As to #2(a), it's hard for me to imagine how such a company would operate. Suppose Nice-Mart's board of directors adopted as a statement of corporate policy that it wouldn't seek lower prices from manufacturers with a US employee base in industries that are dominated by imported goods. Now suppose a Nice-Mart shareholder sues the directors for breaching their fiduciary duties to the shareholders by adopting a policy which by definition ensures the company will forego potential profits. How could the directors defend their position? I don't think they could.

As to #2(b), I can't imagine the "baby" Wal-Marts would be less tenacious in dealing with vendors than the existing Wal-Mart. More to the point, Wal-Mart as it exists really doesn't have monopoly buying power in any market, because its various segments compete with other big box retailers. (E.g., electronics competes with Best Buy, tools with Home Depot, clothes with Old Navy, etc.) So I don't see how breaking up Wal-Mart would change things much other than to shift the balance of competition within those various markets.

A further point on the difference between propositions #1 and #2:

I don't think anyone can reasonably disagree that if Wal-Mart is not being subjected to fair labor practice regulations (proposition #1), that's not good for working people who work there (and there are probably spillover effects on local labor markets).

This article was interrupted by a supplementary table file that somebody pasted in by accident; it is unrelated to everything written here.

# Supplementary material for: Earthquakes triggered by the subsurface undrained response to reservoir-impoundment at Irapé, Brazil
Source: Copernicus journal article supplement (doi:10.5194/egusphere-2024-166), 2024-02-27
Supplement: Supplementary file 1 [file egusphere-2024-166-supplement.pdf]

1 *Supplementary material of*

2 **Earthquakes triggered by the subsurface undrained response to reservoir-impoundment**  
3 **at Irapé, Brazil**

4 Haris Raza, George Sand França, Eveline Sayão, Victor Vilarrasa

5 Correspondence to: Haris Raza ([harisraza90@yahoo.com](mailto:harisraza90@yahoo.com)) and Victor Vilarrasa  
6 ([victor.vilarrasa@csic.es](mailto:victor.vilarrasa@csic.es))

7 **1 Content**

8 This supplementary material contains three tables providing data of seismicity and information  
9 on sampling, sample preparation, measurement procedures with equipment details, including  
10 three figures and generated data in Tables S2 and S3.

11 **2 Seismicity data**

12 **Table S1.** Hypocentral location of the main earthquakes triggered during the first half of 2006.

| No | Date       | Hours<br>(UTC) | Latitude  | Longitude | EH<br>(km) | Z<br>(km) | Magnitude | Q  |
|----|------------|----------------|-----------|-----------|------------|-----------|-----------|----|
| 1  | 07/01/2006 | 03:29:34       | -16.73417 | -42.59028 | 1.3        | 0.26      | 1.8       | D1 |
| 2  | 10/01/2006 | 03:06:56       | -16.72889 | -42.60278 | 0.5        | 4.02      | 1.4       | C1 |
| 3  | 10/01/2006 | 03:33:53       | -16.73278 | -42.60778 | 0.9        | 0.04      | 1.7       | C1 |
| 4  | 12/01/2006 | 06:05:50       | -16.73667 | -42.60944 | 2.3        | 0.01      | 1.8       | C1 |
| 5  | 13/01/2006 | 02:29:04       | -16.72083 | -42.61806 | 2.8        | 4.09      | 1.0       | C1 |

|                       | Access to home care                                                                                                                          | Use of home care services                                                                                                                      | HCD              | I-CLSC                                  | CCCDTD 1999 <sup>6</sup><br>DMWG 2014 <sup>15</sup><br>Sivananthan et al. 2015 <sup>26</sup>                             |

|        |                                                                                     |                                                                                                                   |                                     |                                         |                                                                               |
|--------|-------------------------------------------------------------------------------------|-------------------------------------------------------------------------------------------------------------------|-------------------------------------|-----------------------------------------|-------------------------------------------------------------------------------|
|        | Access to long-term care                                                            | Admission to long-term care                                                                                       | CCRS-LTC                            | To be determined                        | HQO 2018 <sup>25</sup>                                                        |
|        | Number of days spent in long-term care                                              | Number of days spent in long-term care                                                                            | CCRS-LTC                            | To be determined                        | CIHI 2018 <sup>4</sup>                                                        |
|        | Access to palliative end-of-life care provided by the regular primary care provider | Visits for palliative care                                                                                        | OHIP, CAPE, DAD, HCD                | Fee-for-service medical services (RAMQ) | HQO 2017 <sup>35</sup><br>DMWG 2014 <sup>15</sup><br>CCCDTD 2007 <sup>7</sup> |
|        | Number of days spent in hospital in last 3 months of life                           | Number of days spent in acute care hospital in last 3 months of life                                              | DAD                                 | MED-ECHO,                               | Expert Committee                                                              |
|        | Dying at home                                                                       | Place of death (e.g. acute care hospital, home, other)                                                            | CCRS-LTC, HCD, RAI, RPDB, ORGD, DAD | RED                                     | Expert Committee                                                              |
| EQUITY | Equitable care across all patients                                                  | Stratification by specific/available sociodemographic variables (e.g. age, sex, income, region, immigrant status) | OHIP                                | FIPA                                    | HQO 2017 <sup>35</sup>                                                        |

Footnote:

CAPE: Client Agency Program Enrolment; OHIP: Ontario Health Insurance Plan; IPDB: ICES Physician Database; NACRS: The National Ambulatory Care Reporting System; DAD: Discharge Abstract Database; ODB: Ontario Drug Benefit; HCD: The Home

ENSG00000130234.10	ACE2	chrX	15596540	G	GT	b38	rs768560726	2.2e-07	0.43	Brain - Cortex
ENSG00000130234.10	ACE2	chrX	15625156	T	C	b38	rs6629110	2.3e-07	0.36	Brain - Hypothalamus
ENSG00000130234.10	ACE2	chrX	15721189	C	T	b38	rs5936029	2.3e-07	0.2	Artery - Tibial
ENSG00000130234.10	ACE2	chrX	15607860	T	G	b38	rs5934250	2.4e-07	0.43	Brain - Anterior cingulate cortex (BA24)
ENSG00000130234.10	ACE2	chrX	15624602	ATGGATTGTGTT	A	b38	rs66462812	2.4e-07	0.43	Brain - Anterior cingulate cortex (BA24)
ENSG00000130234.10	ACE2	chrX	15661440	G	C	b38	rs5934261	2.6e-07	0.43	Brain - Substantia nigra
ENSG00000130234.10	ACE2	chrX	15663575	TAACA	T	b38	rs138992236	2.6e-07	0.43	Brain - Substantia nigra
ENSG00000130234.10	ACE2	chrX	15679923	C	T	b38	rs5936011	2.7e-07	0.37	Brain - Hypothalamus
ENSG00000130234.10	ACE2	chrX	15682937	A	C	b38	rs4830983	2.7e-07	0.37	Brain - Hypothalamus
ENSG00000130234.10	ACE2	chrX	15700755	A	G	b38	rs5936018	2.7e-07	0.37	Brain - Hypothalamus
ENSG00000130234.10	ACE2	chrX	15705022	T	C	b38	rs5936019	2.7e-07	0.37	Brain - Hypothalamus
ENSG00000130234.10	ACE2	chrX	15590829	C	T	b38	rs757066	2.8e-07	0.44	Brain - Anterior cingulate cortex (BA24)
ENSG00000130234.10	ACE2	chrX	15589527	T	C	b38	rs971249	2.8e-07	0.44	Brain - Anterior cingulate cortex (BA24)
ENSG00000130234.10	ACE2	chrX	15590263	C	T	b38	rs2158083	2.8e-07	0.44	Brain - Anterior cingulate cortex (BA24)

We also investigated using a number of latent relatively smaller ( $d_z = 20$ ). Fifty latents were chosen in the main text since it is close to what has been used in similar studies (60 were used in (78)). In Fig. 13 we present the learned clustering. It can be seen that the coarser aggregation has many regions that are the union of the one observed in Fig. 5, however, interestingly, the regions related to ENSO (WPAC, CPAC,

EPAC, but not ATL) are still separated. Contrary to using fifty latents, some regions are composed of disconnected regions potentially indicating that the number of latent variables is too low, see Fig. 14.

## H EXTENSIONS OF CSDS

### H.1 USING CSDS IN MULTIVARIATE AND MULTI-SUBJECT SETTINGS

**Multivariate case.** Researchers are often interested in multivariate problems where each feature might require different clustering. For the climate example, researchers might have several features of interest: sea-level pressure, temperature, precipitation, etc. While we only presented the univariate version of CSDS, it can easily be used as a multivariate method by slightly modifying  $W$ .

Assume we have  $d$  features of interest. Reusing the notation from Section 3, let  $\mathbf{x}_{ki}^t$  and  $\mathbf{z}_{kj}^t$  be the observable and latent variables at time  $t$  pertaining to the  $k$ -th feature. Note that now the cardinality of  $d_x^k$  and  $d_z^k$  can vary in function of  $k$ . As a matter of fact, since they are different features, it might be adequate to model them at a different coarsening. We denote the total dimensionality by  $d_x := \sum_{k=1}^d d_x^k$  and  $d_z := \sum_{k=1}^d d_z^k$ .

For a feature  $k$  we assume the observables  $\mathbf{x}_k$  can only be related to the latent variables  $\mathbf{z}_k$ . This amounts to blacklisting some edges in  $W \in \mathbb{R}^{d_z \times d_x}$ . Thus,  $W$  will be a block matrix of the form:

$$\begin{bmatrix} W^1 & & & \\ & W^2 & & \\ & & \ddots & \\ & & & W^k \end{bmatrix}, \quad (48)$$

To the extent that Wal-Mart puts price pressure on its suppliers to keep its sales prices low (proposition #2), I think it is at the very least a hard question whether lower- and middle-class people don't realize a net benefit from that. You can buy a DVD player in Wal-Mart for forty bucks. You can buy a week's groceries for (say) a hundred bucks. Being able to buy consumer goods at low prices is very, very good for lower- and middle-class people.

Posted by: alkali | Aug 28, 2006 7:50:18 PM

Somewhat tangentially, did you see the news about SB840, the California Health Insurance Reliability Act passed both the house and senate? If Arnold doesn't veto it, California will have single payer insurance. That would certainly be good news for WalMart employees as well as the working poor throughout the state.

Arnold, of course, will veto it.

Posted by: J Bean | Aug 28, 2006 8:42:12 PM

alkali: Costco attempts to be NiceMart. They provide their staff with decent wages and benefits while selling low priced goods to the working poor -- or at least everyone who can afford the yearly membership. They get beaten up by Wall St. for making huge profits instead of mega-huge profits, but otherwise they seem to be okay. Also they donate blue.

I vote with the don't waste your time on Jonah group. I can't read his drivel.